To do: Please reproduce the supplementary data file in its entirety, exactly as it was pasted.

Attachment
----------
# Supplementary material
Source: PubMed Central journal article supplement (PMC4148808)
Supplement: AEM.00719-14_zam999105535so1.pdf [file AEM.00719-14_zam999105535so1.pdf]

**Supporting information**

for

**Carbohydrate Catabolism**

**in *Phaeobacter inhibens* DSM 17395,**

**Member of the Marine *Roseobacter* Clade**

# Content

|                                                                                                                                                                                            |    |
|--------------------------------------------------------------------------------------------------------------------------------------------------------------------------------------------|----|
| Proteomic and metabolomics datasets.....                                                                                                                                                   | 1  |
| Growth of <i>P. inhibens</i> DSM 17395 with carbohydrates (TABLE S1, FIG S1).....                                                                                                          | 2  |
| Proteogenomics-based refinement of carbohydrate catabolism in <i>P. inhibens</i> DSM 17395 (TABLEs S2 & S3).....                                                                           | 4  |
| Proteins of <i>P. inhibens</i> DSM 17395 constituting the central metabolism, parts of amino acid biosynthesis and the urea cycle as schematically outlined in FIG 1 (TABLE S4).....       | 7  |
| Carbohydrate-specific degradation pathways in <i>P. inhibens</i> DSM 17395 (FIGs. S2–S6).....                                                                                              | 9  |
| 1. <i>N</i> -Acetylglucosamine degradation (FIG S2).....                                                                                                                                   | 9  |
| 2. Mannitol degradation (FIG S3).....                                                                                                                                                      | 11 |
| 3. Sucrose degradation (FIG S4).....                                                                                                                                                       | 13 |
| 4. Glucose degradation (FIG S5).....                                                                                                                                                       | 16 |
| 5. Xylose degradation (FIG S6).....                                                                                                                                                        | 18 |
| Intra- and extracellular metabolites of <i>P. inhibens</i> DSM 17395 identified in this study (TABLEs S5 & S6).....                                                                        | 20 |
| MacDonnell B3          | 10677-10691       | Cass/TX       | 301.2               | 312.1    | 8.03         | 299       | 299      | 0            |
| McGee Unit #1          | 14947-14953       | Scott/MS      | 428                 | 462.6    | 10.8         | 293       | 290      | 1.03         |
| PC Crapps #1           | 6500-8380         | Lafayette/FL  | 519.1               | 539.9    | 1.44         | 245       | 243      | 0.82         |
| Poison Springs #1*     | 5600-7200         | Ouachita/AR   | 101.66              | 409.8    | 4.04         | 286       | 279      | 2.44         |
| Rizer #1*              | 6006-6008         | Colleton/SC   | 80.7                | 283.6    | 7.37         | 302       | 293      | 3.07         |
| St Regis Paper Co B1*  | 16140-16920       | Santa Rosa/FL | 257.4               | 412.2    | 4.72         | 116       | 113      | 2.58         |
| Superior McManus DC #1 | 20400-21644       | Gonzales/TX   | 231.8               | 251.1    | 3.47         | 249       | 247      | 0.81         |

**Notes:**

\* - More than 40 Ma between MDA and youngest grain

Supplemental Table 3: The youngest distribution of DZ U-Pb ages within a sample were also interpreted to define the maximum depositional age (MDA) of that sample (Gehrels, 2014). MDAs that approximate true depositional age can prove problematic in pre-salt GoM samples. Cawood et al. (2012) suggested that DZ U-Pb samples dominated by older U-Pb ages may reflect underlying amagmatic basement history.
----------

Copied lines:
# Supplementary material
Source: PubMed Central journal article supplement (PMC4148808)
Supplement: AEM.00719-14_zam999105535so1.pdf [file AEM.00719-14_zam999105535so1.pdf]

**Supporting information**

for

**Carbohydrate Catabolism**

**in *Phaeobacter inhibens* DSM 17395,**

**Member of the Marine *Roseobacter* Clade**

# Content

|                                                                                                                                                                                            |    |
|--------------------------------------------------------------------------------------------------------------------------------------------------------------------------------------------|----|
| Proteomic and metabolomics datasets.....                                                                                                                                                   | 1  |
| Growth of <i>P. inhibens</i> DSM 17395 with carbohydrates (TABLE S1, FIG S1).....                                                                                                          | 2  |
| Proteogenomics-based refinement of carbohydrate catabolism in <i>P. inhibens</i> DSM 17395 (TABLEs S2 & S3).....                                                                           | 4  |
| Proteins of <i>P. inhibens</i> DSM 17395 constituting the central metabolism, parts of amino acid biosynthesis and the urea cycle as schematically outlined in FIG 1 (TABLE S4).....       | 7  |
| Carbohydrate-specific degradation pathways in <i>P. inhibens</i> DSM 17395 (FIGs. S2–S6).....                                                                                              | 9  |
| 1. <i>N</i> -Acetylglucosamine degradation (FIG S2).....                                                                                                                                   | 9  |
| 2. Mannitol degradation (FIG S3).....                                                                                                                                                      | 11 |
| 3. Sucrose degradation (FIG S4).....                                                                                                                                                       | 13 |
| 4. Glucose degradation (FIG S5).....                                                                                                                                                       | 16 |
| 5. Xylose degradation (FIG S6).....                                                                                                                                                        | 18 |
| Intra- and extracellular metabolites of <i>P. inhibens</i> DSM 17395 identified in this study (TABLEs S5 & S6).....                                                                        | 20 |
| MacDonnell B3          | 10677-10691       | Cass/TX       | 301.2               | 312.1    | 8.03         | 299       | 299      | 0            |
| McGee Unit #1          | 14947-14953       | Scott/MS      | 428                 | 462.6    | 10.8         | 293       | 290      | 1.03         |
| PC Crapps #1           | 6500-8380         | Lafayette/FL  | 519.1               | 539.9    | 1.44         | 245       | 243      | 0.82         |
| Poison Springs #1*     | 5600-7200         | Ouachita/AR   | 101.66              | 409.8    | 4.04         | 286       | 279      | 2.44         |
| Rizer #1*              | 6006-6008         | Colleton/SC   | 80.7                | 283.6    | 7.37         | 302       | 293      | 3.07         |
| St Regis Paper Co B1*  | 16140-16920       | Santa Rosa/FL | 257.4               | 412.2    | 4.72         | 116       | 113      | 2.58         |
| Superior McManus DC #1 | 20400-21644       | Gonzales/TX   | 231.8               | 251.1    | 3.47         | 249       | 247      | 0.81         |

**Notes:**

\* - More than 40 Ma between MDA and youngest grain

Supplemental Table 3: The youngest distribution of DZ U-Pb ages within a sample were also interpreted to define the maximum depositional age (MDA) of that sample (Gehrels, 2014). MDAs that approximate true depositional age can prove problematic in pre-salt GoM samples. Cawood et al. (2012) suggested that DZ U-Pb samples dominated by older U-Pb ages may reflect underlying amagmatic basement history.